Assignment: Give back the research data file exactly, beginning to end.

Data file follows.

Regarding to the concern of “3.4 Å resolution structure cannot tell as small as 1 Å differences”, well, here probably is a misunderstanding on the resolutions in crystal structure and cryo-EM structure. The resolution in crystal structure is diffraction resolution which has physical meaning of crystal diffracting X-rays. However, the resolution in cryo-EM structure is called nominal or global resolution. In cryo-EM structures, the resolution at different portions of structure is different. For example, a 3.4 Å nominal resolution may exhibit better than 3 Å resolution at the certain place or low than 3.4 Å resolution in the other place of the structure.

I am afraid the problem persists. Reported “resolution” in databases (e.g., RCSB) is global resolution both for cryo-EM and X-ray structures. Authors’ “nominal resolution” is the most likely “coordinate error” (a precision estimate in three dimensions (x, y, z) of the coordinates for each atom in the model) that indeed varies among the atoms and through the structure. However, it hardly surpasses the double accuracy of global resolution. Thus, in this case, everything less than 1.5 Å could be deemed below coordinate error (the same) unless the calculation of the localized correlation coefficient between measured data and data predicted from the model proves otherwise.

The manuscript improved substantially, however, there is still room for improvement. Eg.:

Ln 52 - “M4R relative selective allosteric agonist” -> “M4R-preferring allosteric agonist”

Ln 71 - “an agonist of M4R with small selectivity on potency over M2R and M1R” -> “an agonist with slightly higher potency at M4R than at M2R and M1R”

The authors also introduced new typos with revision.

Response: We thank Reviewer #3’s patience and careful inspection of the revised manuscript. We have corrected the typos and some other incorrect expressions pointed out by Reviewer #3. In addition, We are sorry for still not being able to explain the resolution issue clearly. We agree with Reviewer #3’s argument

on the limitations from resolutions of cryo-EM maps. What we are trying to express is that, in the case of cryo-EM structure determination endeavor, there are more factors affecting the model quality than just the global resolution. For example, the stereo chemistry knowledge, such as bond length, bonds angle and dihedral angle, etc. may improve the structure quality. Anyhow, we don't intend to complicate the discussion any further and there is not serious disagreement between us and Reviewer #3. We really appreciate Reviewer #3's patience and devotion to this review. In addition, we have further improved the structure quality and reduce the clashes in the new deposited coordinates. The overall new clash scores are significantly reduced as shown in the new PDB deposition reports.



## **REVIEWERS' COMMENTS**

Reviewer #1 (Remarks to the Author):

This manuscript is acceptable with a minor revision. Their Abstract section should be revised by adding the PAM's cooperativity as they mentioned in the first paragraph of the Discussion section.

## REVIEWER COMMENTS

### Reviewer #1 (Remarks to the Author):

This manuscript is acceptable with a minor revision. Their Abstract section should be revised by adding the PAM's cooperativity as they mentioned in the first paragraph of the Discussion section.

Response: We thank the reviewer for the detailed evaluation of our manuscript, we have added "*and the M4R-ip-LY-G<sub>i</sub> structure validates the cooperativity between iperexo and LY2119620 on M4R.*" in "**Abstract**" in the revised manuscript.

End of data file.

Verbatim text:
Regarding to the concern of “3.4 Å resolution structure cannot tell as small as 1 Å differences”, well, here probably is a misunderstanding on the resolutions in crystal structure and cryo-EM structure. The resolution in crystal structure is diffraction resolution which has physical meaning of crystal diffracting X-rays. However, the resolution in cryo-EM structure is called nominal or global resolution. In cryo-EM structures, the resolution at different portions of structure is different. For example, a 3.4 Å nominal resolution may exhibit better than 3 Å resolution at the certain place or low than 3.4 Å resolution in the other place of the structure.

I am afraid the problem persists. Reported “resolution” in databases (e.g., RCSB) is global resolution both for cryo-EM and X-ray structures. Authors’ “nominal resolution” is the most likely “coordinate error” (a precision estimate in three dimensions (x, y, z) of the coordinates for each atom in the model) that indeed varies among the atoms and through the structure. However, it hardly surpasses the double accuracy of global resolution. Thus, in this case, everything less than 1.5 Å could be deemed below coordinate error (the same) unless the calculation of the localized correlation coefficient between measured data and data predicted from the model proves otherwise.

The manuscript improved substantially, however, there is still room for improvement. Eg.:

Ln 52 - “M4R relative selective allosteric agonist” -> “M4R-preferring allosteric agonist”

Ln 71 - “an agonist of M4R with small selectivity on potency over M2R and M1R” -> “an agonist with slightly higher potency at M4R than at M2R and M1R”

The authors also introduced new typos with revision.

Response: We thank Reviewer #3’s patience and careful inspection of the revised manuscript. We have corrected the typos and some other incorrect expressions pointed out by Reviewer #3. In addition, We are sorry for still not being able to explain the resolution issue clearly. We agree with Reviewer #3’s argument

on the limitations from resolutions of cryo-EM maps. What we are trying to express is that, in the case of cryo-EM structure determination endeavor, there are more factors affecting the model quality than just the global resolution. For example, the stereo chemistry knowledge, such as bond length, bonds angle and dihedral angle, etc. may improve the structure quality. Anyhow, we don't intend to complicate the discussion any further and there is not serious disagreement between us and Reviewer #3. We really appreciate Reviewer #3's patience and devotion to this review. In addition, we have further improved the structure quality and reduce the clashes in the new deposited coordinates. The overall new clash scores are significantly reduced as shown in the new PDB deposition reports.



## **REVIEWERS' COMMENTS**

Reviewer #1 (Remarks to the Author):

This manuscript is acceptable with a minor revision. Their Abstract section should be revised by adding the PAM's cooperativity as they mentioned in the first paragraph of the Discussion section.

## REVIEWER COMMENTS

### Reviewer #1 (Remarks to the Author):

This manuscript is acceptable with a minor revision. Their Abstract section should be revised by adding the PAM's cooperativity as they mentioned in the first paragraph of the Discussion section.

Response: We thank the reviewer for the detailed evaluation of our manuscript, we have added "*and the M4R-ip-LY-G<sub>i</sub> structure validates the cooperativity between iperexo and LY2119620 on M4R.*" in "**Abstract**" in the revised manuscript.